I have said she was no hypocrite, but here I am at fault. She never admitted to herself that she had come up the hill to look for Archie. And perhaps after all she did not know, perhaps came as a stone falls. For the steps of love in the young, and especially in girls, are instinctive and unconscious.

In the meantime Archie was drawing rapidly near, and he at least was consciously seeking her neighbourhood. The afternoon had turned to ashes in his mouth; the memory of the girl had kept him from reading and drawn him as with cords; and at last, as the cool of the evening began to come on, he had taken his hat and set forth, with a smothered ejaculation, by the moor path to Cauldstaneslap. He had no hope to find her; he took the off chance without expectation of result and to relieve his uneasiness. The greater was his surprise, as he surmounted the slope and came into the hollow of the Deil's Hags, to see there, like an answer to his wishes, the little womanly figure in the grey dress and the pink kerchief sitting little, and low, and lost, and acutely solitary, in these desolate surroundings and on the weather-beaten stone of the dead weaver. Those things that still smacked of winter were all rusty about her, and those things that already relished of the spring had put forth the tender and lively colours of the season. Even in the unchanging face of the death-stone, changes were to be remarked; and in the channeled lettering, the moss began to renew itself in jewels of green. By an afterthought that was a stroke of art, she had turned up over her head the back of the kerchief; so that it now framed becomingly her vivacious and yet pensive face. Her feet were gathered under her on the one side, and she leaned on her bare arm, which showed out strong and round, tapered to a slim wrist, and shimmered in the fading light.

Young Hermiston was struck with a certain chill. He was reminded that he now dealt in serious matters of life and death. This was a grown woman he was approaching, endowed with her mysterious potencies and attractions, the treasury of the continued race, and he was neither better nor worse than the average of his sex and age. He had a certain delicacy which had preserved him hitherto unspotted, and which (had either of them guessed it) made him a more dangerous companion when his heart should be really stirred. His throat was dry as he came near; but the appealing sweetness of her smile stood between them like a guardian angel.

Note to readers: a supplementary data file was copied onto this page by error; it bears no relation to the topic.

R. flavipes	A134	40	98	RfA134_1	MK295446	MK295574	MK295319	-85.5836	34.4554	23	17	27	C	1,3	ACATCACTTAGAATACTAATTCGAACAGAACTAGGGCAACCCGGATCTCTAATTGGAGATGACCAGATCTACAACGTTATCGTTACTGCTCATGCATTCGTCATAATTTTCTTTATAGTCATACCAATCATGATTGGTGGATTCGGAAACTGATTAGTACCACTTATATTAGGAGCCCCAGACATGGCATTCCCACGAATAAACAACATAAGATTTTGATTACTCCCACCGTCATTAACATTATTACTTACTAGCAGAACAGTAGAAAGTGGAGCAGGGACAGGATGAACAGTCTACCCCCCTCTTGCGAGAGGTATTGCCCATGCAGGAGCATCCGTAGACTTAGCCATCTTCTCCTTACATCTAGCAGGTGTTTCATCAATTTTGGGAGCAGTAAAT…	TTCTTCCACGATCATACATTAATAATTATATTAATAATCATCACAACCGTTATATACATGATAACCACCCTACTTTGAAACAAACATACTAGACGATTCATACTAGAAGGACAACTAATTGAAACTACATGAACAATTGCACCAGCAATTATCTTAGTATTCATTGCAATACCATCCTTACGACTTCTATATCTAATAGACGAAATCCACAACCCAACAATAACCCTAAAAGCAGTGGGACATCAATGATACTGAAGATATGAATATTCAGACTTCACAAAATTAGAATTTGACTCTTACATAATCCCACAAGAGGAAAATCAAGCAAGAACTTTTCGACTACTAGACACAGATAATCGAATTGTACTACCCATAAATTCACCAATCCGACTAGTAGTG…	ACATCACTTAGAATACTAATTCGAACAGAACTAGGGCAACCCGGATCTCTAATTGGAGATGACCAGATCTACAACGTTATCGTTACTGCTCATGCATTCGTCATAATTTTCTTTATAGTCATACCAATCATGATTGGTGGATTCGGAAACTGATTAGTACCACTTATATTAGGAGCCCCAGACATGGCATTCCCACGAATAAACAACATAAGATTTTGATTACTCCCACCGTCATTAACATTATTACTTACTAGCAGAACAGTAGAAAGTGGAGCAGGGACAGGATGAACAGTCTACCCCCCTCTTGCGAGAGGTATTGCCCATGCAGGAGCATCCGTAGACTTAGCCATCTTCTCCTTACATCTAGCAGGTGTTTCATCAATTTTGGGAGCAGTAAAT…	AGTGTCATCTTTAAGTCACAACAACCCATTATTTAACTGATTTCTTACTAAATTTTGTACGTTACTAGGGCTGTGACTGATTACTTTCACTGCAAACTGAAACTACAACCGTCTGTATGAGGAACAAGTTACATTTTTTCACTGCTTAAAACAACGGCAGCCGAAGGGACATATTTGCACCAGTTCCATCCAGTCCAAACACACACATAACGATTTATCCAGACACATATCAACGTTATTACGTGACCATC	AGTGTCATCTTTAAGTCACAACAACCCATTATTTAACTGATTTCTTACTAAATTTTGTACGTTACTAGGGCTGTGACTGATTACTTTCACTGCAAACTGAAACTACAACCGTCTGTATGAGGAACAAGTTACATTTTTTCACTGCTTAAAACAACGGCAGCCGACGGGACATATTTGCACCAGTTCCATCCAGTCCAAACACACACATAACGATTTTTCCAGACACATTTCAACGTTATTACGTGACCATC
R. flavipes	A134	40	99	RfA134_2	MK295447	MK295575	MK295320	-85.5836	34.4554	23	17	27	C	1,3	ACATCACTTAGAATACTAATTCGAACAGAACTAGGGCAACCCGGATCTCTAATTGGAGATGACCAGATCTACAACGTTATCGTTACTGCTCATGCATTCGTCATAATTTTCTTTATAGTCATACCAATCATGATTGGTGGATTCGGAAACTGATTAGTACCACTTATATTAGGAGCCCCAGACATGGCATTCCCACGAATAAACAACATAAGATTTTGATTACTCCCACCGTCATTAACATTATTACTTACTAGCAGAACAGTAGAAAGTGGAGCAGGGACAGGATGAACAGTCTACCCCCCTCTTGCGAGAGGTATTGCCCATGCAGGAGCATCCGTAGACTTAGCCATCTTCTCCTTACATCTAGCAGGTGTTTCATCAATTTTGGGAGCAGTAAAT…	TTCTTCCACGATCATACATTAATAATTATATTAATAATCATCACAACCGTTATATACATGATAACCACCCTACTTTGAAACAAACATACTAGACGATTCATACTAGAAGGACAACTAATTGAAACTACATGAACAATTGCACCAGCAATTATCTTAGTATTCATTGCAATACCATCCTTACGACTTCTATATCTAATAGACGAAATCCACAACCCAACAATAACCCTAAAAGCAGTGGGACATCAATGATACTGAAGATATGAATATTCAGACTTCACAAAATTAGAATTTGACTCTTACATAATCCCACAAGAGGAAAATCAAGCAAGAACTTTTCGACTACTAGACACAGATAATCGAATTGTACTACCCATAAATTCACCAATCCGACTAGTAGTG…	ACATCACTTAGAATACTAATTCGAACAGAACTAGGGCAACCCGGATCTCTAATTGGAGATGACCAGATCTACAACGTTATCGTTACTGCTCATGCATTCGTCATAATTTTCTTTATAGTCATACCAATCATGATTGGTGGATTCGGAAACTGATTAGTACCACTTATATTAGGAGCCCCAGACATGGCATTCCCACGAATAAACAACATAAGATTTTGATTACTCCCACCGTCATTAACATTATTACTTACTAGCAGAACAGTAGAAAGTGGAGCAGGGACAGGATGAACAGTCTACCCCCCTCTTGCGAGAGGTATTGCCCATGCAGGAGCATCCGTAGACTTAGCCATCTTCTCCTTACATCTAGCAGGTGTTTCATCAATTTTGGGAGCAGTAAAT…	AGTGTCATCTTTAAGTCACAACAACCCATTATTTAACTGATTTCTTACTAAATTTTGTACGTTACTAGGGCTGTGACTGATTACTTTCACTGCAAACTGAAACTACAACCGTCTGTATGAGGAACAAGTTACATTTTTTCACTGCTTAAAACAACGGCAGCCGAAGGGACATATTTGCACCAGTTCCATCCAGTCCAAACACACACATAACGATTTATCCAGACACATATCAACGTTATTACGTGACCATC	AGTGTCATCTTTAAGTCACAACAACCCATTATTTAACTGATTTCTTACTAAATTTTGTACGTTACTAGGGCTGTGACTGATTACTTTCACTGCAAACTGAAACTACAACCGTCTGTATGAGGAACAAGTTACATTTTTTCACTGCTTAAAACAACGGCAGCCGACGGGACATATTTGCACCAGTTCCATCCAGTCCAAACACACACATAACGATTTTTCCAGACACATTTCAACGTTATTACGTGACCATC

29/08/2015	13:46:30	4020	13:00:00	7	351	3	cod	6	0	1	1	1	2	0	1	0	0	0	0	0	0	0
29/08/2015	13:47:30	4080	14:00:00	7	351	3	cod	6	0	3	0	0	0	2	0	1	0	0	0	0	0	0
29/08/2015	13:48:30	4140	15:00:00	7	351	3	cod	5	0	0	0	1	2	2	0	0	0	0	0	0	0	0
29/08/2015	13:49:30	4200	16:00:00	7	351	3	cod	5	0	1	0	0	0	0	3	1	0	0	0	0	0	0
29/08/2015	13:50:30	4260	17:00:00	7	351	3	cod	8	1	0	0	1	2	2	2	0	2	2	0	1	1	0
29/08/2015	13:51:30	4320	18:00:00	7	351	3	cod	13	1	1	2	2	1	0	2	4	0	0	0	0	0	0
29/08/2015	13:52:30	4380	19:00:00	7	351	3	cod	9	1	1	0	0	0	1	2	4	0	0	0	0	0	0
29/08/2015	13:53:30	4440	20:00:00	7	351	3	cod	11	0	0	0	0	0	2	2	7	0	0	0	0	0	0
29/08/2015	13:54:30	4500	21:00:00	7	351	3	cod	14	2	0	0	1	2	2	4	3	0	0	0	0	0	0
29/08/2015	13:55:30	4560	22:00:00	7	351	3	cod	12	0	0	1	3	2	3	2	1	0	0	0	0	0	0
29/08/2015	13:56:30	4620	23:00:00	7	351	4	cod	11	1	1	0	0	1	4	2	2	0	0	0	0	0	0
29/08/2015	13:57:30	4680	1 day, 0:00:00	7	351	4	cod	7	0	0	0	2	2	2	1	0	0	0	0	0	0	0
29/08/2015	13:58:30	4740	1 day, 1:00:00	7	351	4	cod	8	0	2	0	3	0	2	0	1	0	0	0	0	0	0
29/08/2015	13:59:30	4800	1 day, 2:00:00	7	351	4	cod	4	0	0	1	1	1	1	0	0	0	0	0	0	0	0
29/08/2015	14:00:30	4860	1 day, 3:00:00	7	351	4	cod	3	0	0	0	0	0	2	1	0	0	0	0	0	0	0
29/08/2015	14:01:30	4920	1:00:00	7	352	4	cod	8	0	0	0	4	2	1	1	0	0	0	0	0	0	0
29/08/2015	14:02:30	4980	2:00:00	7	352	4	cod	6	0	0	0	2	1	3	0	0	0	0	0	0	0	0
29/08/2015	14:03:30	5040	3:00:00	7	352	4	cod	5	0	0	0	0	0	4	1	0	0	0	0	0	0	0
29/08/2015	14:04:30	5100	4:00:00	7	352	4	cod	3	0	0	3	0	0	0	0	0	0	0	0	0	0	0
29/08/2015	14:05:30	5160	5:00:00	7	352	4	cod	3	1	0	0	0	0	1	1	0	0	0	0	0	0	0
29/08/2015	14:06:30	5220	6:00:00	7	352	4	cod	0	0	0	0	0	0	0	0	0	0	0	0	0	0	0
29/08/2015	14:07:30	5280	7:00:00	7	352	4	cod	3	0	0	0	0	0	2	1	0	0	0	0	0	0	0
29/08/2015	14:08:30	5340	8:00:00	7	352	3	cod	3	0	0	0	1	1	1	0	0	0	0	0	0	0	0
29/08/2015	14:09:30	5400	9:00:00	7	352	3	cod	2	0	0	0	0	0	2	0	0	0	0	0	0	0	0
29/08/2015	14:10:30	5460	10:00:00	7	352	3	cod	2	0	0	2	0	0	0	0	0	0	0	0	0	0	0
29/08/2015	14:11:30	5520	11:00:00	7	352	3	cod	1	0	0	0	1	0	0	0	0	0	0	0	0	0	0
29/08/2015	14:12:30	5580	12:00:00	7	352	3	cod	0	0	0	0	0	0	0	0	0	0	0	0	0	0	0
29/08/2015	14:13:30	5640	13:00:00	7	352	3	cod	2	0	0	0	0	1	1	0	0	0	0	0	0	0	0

For she turned to him and smiled, though without rising. There was a shade in this cavalier greeting that neither of them perceived; neither he, who simply thought it gracious and charming as herself; nor yet she, who did not observe (quick as she was) the difference between rising to meet the laird, and remaining seated to receive the expected admirer.

"Are ye stepping west, Hermiston?" said she, giving him his territorial name after the fashion of the country-side.

"I was," said he, a little hoarsely, "but I think I will be about the end of my stroll now. Are you like me, Miss Christina? The house would not hold me. I came here seeking air."

He took his seat at the other end of the tombstone and studied her, wondering what was she. There was infinite import in the question alike for her and him.

"Ay," she said. "I couldna bear the roof either. It's a habit of mine to come up here about the gloaming when it's quaiet and caller."

"It was a habit of my mother's also," he said gravely. The recollection half startled him as he expressed it. He looked around. "I have scarce been here since. It's peaceful," he said, with a long breath.

"It's no like Glasgow," she replied. "A weary place, yon Glasgow! But what a day have I had for my homecoming, and what a bonny evening!"

"Indeed, it was a wonderful day," said Archie. "I think I will remember it years and years until I come to die. On days like this - I do not know if you feel as I do - but everything appears so brief, and fragile, and exquisite, that I am afraid to touch life.

Weir of Hermiston Page 43

Robert Louis Stevenson

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